Detection and identification of a 16SrIII-J phytoplasma affecting cassava (Manihot esculenta Crantz) in Argentina
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Cassava plants displaying symptoms of dwarfing, witches’ broom, and chlorosis, were detected in production fields located in Misiones province Argentina. The RFLP profiles and phylogenetic analyses based on 16S rRNA and ribosomal protein (rplV-rpsC) gene sequences, allowed assignment of the phytoplasma detected in cassava to the 16SrIII-J subgroup. This is the first report of a phytoplasma affecting cassava in Argentina.
KeywordsPhytoplasma Cassava Yellowing Sequence Argentina
Phytoplasmas from subgroup 16SrIII-J have been reported previously in Brazil, Argentina and Chile (Montano et al. 2011; Fugita et al. 2017; Fernández et al. 2017; Quiroga et al. 2017) and recently a lineage related to this subgroup has been described in Mexico (Pérez-López et al. 2017).Plant species affected by these subgroup are diverse and include garlic (Allium sativum), chayote (Sechium edule), sunflower (Helianthus annuus), cauliflower (Brassica oleracea), eggplant (Solanum melongena), strawberry (Fragaria × ananassa), daisy (Bellis perennis), Celosia spp., periwinkle (Catharanthus roseus), Aegiphila verticillata, Vernonia brasiliana, lettuce and Swiss chard (Beta vulgaris). The CassDWB phytoplasma described in this works belongs to the 16SrIII-J subgroup and to the authors’ knowledge constitutes the first report of a phytoplasma affecting cassava in Argentina. This is also believed to be the first report of a 16SrIII-J subgroup affecting cassava worldwide. The detection and identification of the CassDWB phytoplasma in the NE region of Argentina extends the distribution of this subgroup and increases the knowledge about its host range. In previous work, Flôres et al. (2013) describes a phytoplasma from the 16SrIII-B subgroup associated with cassava witches’ broom disease in Brazil. Cassava frogskin disease (CFSD) was also reported in Colombia (Alvarez et al. 2009) to be associated with a phytoplasma from subgroup 16SrIII-B. Characteristic CFSD symptoms in the roots are a woody aspect and a thickened peel that is cork-like, fragile, and opaque (Alvarez et al. 2009). No symptoms of CFSD were observed in samples infected with CassDWB phytoplasma. It is necessary to continue studying this pathosystem, identifying vectors and natural reservoirs as well as evaluating the behavior of different cassava germplasm to achieve a more efficient management of the disease. It is also essential to improve the detection of infected material in Argentina as well as the material that is introduced into the territory, particularly as this is a clonally multiplied crop.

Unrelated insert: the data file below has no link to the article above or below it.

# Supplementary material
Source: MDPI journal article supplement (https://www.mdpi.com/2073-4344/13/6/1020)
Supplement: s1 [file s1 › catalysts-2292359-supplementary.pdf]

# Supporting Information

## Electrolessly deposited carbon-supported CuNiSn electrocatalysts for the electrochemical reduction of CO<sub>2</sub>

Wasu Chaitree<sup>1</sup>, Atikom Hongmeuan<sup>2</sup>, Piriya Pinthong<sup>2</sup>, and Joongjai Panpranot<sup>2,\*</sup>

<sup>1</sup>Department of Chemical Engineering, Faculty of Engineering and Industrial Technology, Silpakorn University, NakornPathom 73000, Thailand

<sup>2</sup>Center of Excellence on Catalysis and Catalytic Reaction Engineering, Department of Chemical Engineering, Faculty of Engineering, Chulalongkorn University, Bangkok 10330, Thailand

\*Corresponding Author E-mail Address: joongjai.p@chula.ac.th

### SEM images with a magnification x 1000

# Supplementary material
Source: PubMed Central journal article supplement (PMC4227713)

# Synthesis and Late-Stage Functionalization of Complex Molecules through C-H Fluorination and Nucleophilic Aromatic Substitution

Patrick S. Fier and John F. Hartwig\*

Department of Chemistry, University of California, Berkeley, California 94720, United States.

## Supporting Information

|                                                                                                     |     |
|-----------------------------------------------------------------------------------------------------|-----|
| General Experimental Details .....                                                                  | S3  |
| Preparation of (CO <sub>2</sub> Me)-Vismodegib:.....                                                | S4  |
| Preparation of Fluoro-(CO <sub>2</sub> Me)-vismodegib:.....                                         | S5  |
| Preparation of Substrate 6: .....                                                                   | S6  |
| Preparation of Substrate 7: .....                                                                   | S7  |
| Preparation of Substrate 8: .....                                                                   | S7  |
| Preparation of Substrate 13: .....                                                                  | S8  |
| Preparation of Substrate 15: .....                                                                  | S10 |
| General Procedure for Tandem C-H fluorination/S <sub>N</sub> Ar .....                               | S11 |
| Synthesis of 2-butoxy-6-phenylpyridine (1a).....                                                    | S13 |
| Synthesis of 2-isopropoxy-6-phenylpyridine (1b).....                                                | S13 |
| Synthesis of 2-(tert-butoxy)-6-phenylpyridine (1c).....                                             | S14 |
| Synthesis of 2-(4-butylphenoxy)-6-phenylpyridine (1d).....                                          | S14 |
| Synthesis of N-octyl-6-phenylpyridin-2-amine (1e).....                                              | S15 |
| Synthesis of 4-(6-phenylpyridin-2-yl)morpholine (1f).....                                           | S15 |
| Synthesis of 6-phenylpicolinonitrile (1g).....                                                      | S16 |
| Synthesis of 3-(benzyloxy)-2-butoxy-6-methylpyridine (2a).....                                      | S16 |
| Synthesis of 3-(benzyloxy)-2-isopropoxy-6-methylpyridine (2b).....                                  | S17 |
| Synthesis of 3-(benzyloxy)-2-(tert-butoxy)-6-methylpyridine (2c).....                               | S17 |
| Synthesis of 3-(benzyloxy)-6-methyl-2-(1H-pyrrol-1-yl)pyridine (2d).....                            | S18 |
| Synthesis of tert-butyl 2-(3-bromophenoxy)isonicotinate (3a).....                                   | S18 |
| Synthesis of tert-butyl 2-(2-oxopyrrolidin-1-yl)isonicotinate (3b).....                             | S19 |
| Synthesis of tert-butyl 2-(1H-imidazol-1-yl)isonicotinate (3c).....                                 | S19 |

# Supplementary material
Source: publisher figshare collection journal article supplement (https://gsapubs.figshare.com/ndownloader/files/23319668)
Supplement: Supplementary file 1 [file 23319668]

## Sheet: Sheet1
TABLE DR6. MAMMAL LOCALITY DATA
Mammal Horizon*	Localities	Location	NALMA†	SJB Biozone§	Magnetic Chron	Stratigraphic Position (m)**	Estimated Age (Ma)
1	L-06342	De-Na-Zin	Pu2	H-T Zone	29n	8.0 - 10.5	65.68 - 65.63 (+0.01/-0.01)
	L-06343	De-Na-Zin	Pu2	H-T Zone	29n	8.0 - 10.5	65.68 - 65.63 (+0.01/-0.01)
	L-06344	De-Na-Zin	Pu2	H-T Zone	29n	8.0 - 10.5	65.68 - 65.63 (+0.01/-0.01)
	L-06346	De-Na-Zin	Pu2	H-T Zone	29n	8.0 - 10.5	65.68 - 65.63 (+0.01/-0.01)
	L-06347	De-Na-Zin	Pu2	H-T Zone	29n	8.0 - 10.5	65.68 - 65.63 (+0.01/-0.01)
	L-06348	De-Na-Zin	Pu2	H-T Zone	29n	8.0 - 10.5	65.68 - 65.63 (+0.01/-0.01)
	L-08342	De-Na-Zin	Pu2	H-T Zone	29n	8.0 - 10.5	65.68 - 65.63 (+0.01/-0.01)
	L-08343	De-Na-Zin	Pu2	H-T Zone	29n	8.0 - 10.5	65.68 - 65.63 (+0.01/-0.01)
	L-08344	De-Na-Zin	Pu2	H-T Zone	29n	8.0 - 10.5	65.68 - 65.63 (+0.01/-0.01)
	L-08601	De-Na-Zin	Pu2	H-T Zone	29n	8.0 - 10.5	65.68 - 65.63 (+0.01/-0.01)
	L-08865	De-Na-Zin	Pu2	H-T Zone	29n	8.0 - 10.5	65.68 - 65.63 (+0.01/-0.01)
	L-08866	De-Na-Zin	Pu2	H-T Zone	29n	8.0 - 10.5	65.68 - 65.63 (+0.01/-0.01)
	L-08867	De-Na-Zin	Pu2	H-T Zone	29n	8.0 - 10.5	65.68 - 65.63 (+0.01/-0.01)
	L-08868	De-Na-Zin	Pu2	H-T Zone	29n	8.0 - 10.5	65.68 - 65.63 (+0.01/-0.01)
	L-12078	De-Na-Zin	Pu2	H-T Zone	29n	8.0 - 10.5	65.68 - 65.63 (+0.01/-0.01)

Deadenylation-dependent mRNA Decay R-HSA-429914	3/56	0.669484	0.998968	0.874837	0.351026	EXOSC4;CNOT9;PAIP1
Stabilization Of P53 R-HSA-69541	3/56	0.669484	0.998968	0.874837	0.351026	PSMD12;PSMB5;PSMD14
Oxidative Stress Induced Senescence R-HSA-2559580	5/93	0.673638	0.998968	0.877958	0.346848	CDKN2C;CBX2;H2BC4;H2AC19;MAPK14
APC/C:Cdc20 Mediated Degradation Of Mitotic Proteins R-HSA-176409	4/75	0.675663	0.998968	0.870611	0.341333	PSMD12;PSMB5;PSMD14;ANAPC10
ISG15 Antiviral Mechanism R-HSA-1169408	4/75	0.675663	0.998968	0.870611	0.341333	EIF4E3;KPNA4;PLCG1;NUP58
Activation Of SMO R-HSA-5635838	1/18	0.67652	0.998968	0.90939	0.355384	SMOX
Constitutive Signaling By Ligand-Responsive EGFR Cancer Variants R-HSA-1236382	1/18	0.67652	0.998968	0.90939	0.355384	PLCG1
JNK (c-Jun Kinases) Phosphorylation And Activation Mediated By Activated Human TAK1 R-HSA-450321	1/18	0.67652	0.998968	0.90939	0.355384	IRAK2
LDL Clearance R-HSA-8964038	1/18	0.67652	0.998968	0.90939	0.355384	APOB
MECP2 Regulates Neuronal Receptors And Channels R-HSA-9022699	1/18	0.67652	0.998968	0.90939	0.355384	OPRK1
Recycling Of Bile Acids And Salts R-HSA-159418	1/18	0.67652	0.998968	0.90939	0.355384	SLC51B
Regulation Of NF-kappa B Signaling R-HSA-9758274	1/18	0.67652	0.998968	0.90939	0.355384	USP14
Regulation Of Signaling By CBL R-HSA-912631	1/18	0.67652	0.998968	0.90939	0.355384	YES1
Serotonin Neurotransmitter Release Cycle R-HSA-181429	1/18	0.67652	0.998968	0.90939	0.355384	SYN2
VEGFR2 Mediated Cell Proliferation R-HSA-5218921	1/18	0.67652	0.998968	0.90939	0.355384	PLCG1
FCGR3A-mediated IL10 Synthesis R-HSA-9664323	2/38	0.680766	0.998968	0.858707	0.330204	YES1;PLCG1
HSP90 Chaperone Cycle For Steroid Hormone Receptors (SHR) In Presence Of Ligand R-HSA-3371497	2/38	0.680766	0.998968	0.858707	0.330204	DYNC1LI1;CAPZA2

This study was funded by INTA (Grant Number: PN CI 1108071-PE2.1108072).
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